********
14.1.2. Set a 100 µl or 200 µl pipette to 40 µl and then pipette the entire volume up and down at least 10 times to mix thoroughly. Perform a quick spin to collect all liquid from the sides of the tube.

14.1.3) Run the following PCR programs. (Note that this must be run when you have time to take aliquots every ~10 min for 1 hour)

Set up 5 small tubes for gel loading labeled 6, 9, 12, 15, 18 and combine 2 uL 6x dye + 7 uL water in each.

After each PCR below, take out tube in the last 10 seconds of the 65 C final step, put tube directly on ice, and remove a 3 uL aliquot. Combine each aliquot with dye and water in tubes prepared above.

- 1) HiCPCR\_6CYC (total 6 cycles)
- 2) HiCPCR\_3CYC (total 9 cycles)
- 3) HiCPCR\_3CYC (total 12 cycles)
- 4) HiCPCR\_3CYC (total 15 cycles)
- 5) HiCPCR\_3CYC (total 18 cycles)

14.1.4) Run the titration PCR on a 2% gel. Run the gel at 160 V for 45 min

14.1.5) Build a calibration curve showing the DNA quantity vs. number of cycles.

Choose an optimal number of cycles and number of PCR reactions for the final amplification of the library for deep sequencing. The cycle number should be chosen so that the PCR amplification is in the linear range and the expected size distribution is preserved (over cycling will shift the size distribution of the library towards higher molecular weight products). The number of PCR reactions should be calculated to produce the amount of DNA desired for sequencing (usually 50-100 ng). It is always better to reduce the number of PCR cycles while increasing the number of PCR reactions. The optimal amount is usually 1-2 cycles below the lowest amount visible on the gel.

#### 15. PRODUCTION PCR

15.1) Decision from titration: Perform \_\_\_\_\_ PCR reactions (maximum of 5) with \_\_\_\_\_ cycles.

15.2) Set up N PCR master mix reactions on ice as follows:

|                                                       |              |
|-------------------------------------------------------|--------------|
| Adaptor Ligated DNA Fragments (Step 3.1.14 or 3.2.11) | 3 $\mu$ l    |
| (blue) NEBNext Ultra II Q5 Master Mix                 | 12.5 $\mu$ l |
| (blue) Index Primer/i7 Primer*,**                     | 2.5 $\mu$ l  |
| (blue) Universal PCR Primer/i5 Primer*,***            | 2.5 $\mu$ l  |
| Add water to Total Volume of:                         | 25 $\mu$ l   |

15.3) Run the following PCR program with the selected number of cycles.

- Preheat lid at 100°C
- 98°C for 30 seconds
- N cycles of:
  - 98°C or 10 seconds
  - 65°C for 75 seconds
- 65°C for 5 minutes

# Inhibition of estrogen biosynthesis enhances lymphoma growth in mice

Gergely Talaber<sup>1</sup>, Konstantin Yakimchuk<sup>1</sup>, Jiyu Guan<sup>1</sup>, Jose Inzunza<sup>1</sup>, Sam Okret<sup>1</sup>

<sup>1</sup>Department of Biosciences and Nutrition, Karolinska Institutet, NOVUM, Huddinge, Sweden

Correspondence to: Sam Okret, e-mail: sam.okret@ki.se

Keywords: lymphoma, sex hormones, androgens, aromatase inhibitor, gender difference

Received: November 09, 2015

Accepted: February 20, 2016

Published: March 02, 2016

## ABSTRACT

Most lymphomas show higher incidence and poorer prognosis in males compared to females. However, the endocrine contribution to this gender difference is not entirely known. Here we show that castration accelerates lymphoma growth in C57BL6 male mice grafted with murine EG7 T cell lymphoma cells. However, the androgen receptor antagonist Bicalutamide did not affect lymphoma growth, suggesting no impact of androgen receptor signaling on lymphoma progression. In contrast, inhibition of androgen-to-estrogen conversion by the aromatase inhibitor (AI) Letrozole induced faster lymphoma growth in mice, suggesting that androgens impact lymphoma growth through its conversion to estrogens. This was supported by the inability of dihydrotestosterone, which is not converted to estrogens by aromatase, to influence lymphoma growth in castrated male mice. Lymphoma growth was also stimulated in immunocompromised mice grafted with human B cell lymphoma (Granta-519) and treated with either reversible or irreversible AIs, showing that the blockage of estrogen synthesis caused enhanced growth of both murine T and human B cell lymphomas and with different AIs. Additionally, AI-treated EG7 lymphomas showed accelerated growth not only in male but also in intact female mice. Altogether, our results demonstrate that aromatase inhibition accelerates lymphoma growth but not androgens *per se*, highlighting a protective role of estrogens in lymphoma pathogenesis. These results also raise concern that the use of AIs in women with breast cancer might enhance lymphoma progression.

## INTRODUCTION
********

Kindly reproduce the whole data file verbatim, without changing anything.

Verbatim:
14.1.2. Set a 100 µl or 200 µl pipette to 40 µl and then pipette the entire volume up and down at least 10 times to mix thoroughly. Perform a quick spin to collect all liquid from the sides of the tube.

14.1.3) Run the following PCR programs. (Note that this must be run when you have time to take aliquots every ~10 min for 1 hour)

Set up 5 small tubes for gel loading labeled 6, 9, 12, 15, 18 and combine 2 uL 6x dye + 7 uL water in each.

After each PCR below, take out tube in the last 10 seconds of the 65 C final step, put tube directly on ice, and remove a 3 uL aliquot. Combine each aliquot with dye and water in tubes prepared above.

- 1) HiCPCR\_6CYC (total 6 cycles)
- 2) HiCPCR\_3CYC (total 9 cycles)
- 3) HiCPCR\_3CYC (total 12 cycles)
- 4) HiCPCR\_3CYC (total 15 cycles)
- 5) HiCPCR\_3CYC (total 18 cycles)

14.1.4) Run the titration PCR on a 2% gel. Run the gel at 160 V for 45 min

14.1.5) Build a calibration curve showing the DNA quantity vs. number of cycles.

Choose an optimal number of cycles and number of PCR reactions for the final amplification of the library for deep sequencing. The cycle number should be chosen so that the PCR amplification is in the linear range and the expected size distribution is preserved (over cycling will shift the size distribution of the library towards higher molecular weight products). The number of PCR reactions should be calculated to produce the amount of DNA desired for sequencing (usually 50-100 ng). It is always better to reduce the number of PCR cycles while increasing the number of PCR reactions. The optimal amount is usually 1-2 cycles below the lowest amount visible on the gel.

#### 15. PRODUCTION PCR

15.1) Decision from titration: Perform \_\_\_\_\_ PCR reactions (maximum of 5) with \_\_\_\_\_ cycles.

15.2) Set up N PCR master mix reactions on ice as follows:

|                                                       |              |
|-------------------------------------------------------|--------------|
| Adaptor Ligated DNA Fragments (Step 3.1.14 or 3.2.11) | 3 $\mu$ l    |
| (blue) NEBNext Ultra II Q5 Master Mix                 | 12.5 $\mu$ l |
| (blue) Index Primer/i7 Primer*,**                     | 2.5 $\mu$ l  |
| (blue) Universal PCR Primer/i5 Primer*,***            | 2.5 $\mu$ l  |
| Add water to Total Volume of:                         | 25 $\mu$ l   |

15.3) Run the following PCR program with the selected number of cycles.

- Preheat lid at 100°C
- 98°C for 30 seconds
- N cycles of:
  - 98°C or 10 seconds
  - 65°C for 75 seconds
- 65°C for 5 minutes

# Inhibition of estrogen biosynthesis enhances lymphoma growth in mice

Gergely Talaber<sup>1</sup>, Konstantin Yakimchuk<sup>1</sup>, Jiyu Guan<sup>1</sup>, Jose Inzunza<sup>1</sup>, Sam Okret<sup>1</sup>

<sup>1</sup>Department of Biosciences and Nutrition, Karolinska Institutet, NOVUM, Huddinge, Sweden

Correspondence to: Sam Okret, e-mail: sam.okret@ki.se

Keywords: lymphoma, sex hormones, androgens, aromatase inhibitor, gender difference

Received: November 09, 2015

Accepted: February 20, 2016

Published: March 02, 2016

## ABSTRACT

Most lymphomas show higher incidence and poorer prognosis in males compared to females. However, the endocrine contribution to this gender difference is not entirely known. Here we show that castration accelerates lymphoma growth in C57BL6 male mice grafted with murine EG7 T cell lymphoma cells. However, the androgen receptor antagonist Bicalutamide did not affect lymphoma growth, suggesting no impact of androgen receptor signaling on lymphoma progression. In contrast, inhibition of androgen-to-estrogen conversion by the aromatase inhibitor (AI) Letrozole induced faster lymphoma growth in mice, suggesting that androgens impact lymphoma growth through its conversion to estrogens. This was supported by the inability of dihydrotestosterone, which is not converted to estrogens by aromatase, to influence lymphoma growth in castrated male mice. Lymphoma growth was also stimulated in immunocompromised mice grafted with human B cell lymphoma (Granta-519) and treated with either reversible or irreversible AIs, showing that the blockage of estrogen synthesis caused enhanced growth of both murine T and human B cell lymphomas and with different AIs. Additionally, AI-treated EG7 lymphomas showed accelerated growth not only in male but also in intact female mice. Altogether, our results demonstrate that aromatase inhibition accelerates lymphoma growth but not androgens *per se*, highlighting a protective role of estrogens in lymphoma pathogenesis. These results also raise concern that the use of AIs in women with breast cancer might enhance lymphoma progression.

## INTRODUCTION